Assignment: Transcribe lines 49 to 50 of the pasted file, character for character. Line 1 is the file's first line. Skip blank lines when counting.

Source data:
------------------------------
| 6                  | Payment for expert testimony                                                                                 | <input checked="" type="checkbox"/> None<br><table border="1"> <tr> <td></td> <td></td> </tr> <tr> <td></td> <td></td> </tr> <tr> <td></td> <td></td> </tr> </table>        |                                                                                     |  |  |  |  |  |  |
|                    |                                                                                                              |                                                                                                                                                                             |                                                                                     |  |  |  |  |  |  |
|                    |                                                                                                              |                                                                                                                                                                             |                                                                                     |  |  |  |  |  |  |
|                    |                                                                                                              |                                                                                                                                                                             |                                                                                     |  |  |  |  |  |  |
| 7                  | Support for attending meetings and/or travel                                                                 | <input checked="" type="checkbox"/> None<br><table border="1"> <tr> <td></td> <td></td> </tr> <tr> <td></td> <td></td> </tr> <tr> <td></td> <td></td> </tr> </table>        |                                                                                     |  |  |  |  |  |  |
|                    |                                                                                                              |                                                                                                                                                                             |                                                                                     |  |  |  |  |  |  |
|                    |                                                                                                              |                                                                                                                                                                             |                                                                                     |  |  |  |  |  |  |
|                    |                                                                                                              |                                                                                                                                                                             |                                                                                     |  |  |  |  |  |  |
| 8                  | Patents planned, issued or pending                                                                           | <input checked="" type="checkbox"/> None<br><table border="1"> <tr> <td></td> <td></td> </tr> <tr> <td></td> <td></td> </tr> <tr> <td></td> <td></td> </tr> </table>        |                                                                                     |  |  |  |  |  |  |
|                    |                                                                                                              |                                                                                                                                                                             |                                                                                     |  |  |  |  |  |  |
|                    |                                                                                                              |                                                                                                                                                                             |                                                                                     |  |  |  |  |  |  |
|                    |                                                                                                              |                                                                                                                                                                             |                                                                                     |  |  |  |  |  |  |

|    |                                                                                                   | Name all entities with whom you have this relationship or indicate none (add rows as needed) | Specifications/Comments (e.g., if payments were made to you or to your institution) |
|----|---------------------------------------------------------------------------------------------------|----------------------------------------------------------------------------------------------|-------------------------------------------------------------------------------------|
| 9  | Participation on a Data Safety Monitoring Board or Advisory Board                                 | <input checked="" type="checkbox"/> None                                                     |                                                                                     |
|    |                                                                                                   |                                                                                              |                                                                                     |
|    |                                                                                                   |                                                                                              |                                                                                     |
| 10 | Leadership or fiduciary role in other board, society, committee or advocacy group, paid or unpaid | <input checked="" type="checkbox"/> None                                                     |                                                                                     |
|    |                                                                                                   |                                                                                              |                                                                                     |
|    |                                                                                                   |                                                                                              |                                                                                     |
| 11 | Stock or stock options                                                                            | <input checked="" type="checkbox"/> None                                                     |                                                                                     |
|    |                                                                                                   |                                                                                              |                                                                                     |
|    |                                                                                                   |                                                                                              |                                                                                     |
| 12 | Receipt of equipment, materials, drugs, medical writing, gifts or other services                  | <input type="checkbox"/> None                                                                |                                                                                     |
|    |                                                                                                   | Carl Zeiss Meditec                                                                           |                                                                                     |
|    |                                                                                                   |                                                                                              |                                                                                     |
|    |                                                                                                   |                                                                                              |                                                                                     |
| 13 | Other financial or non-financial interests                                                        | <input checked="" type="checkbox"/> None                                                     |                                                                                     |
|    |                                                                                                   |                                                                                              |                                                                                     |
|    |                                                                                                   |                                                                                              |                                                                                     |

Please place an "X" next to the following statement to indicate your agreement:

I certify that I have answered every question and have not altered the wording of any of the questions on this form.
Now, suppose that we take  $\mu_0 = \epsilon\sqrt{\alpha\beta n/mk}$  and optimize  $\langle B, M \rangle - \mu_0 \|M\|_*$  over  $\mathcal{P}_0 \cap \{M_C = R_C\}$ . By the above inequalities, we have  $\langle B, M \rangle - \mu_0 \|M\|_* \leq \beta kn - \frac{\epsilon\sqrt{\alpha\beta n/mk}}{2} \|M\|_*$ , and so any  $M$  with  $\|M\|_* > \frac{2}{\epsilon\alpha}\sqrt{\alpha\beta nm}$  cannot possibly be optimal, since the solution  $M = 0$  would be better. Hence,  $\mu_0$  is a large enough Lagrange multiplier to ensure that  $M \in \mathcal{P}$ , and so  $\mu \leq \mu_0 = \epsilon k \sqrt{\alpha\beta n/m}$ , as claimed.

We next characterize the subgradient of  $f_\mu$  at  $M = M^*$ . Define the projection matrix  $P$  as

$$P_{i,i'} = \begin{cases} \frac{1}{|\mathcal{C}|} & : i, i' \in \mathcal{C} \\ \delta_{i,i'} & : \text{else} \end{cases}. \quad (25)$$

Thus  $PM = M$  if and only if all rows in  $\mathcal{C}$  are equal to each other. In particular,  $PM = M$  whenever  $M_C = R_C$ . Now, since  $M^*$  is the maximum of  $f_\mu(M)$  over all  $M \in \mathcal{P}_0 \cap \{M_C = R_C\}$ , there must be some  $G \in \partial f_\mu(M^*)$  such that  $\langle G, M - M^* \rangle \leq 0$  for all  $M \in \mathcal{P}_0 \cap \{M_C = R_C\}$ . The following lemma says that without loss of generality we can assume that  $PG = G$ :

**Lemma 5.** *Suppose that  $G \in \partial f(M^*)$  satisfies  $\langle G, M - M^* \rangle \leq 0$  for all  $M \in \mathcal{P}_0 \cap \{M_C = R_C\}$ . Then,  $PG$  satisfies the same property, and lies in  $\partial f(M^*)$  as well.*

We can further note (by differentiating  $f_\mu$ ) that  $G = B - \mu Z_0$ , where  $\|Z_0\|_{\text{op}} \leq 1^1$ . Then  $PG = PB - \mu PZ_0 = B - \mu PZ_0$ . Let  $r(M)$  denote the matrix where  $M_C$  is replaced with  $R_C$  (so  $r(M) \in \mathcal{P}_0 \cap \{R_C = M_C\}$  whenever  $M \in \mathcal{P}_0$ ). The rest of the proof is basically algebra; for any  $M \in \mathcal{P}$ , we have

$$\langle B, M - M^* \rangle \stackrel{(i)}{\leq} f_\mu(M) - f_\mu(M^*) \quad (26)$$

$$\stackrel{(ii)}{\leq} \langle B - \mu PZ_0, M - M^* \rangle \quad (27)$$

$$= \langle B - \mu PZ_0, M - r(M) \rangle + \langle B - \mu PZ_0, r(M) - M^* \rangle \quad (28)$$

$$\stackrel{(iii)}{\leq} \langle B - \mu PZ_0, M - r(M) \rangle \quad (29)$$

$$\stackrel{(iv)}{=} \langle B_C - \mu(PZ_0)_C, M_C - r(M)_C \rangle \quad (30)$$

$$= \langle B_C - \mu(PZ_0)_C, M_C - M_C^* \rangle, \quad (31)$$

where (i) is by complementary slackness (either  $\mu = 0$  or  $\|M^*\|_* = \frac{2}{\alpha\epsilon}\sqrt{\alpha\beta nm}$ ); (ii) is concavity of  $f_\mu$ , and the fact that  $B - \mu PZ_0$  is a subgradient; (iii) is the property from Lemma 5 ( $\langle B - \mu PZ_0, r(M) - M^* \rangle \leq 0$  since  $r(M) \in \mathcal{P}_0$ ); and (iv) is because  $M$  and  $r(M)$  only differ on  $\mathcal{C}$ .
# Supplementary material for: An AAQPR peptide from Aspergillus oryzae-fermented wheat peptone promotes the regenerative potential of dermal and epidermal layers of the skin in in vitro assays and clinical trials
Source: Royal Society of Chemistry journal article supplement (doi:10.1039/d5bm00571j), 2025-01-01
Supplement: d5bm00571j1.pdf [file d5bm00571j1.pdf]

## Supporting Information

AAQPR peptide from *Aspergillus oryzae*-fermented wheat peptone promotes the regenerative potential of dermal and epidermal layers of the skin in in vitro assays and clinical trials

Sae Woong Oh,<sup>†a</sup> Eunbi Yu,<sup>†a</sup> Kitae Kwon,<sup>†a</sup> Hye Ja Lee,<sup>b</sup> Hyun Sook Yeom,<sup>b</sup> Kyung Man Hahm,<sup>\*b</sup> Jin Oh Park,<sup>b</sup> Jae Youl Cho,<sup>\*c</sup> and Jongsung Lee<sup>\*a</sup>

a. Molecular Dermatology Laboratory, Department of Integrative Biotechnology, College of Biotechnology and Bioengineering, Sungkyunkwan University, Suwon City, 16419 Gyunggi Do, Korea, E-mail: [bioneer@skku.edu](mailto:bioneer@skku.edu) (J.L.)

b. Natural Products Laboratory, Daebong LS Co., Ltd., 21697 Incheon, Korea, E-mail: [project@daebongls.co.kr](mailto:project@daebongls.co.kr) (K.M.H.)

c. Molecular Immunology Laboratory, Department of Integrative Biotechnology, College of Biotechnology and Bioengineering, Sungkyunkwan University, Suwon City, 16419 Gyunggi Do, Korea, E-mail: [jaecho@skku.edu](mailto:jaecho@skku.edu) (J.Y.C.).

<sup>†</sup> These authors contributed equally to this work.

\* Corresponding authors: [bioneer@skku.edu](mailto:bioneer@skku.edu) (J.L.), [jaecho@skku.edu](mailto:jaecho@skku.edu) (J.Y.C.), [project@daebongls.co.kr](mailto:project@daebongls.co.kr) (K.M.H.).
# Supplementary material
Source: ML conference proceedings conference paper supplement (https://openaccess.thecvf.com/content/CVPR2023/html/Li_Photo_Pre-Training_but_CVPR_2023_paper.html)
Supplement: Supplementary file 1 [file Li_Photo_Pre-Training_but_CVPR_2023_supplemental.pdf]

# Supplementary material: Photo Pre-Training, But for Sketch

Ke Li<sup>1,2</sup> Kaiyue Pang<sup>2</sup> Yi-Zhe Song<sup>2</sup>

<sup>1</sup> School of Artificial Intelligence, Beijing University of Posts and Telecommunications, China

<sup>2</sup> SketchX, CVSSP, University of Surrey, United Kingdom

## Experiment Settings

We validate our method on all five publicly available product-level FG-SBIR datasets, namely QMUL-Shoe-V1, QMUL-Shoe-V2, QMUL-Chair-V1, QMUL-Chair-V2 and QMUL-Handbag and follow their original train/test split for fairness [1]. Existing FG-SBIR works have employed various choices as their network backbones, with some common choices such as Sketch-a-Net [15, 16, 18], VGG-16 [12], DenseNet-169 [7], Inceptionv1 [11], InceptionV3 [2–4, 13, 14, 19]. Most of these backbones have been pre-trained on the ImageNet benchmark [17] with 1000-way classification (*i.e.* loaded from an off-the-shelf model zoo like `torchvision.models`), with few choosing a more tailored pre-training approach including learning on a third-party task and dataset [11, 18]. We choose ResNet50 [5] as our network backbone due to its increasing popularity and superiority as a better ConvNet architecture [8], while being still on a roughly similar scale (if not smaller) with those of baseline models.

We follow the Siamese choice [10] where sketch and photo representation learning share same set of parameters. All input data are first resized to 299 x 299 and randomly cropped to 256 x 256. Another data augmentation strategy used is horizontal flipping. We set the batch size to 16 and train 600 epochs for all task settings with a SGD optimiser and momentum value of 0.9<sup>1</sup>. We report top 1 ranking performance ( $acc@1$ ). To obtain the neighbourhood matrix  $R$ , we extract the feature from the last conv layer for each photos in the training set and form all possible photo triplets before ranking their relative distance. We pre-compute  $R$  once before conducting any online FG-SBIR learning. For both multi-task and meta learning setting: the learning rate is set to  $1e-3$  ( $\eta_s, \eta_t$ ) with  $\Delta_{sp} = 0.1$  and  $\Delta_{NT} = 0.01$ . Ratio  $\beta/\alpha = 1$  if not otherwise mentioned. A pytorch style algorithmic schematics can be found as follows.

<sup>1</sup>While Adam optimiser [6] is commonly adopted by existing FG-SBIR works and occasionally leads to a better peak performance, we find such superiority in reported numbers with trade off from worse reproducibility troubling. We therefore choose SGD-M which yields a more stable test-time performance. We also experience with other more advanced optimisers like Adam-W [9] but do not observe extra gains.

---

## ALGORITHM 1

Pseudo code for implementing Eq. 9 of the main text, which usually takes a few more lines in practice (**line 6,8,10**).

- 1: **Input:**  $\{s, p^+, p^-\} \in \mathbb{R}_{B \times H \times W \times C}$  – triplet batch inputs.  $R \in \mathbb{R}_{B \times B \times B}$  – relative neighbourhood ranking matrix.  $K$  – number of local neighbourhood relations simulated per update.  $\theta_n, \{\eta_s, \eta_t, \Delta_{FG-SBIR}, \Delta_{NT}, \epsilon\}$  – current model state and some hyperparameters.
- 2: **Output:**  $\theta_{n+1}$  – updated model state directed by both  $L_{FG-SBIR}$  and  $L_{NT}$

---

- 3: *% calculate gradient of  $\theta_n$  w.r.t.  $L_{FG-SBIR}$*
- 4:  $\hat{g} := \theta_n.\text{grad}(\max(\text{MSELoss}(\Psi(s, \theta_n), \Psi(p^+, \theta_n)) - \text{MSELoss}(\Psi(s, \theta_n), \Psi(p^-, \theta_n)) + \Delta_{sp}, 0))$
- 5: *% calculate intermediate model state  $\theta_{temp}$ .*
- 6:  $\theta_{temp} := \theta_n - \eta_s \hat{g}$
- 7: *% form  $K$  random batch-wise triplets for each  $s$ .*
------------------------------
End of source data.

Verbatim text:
## Supporting Information

AAQPR peptide from *Aspergillus oryzae*-fermented wheat peptone promotes the regenerative potential of dermal and epidermal layers of the skin in in vitro assays and clinical trials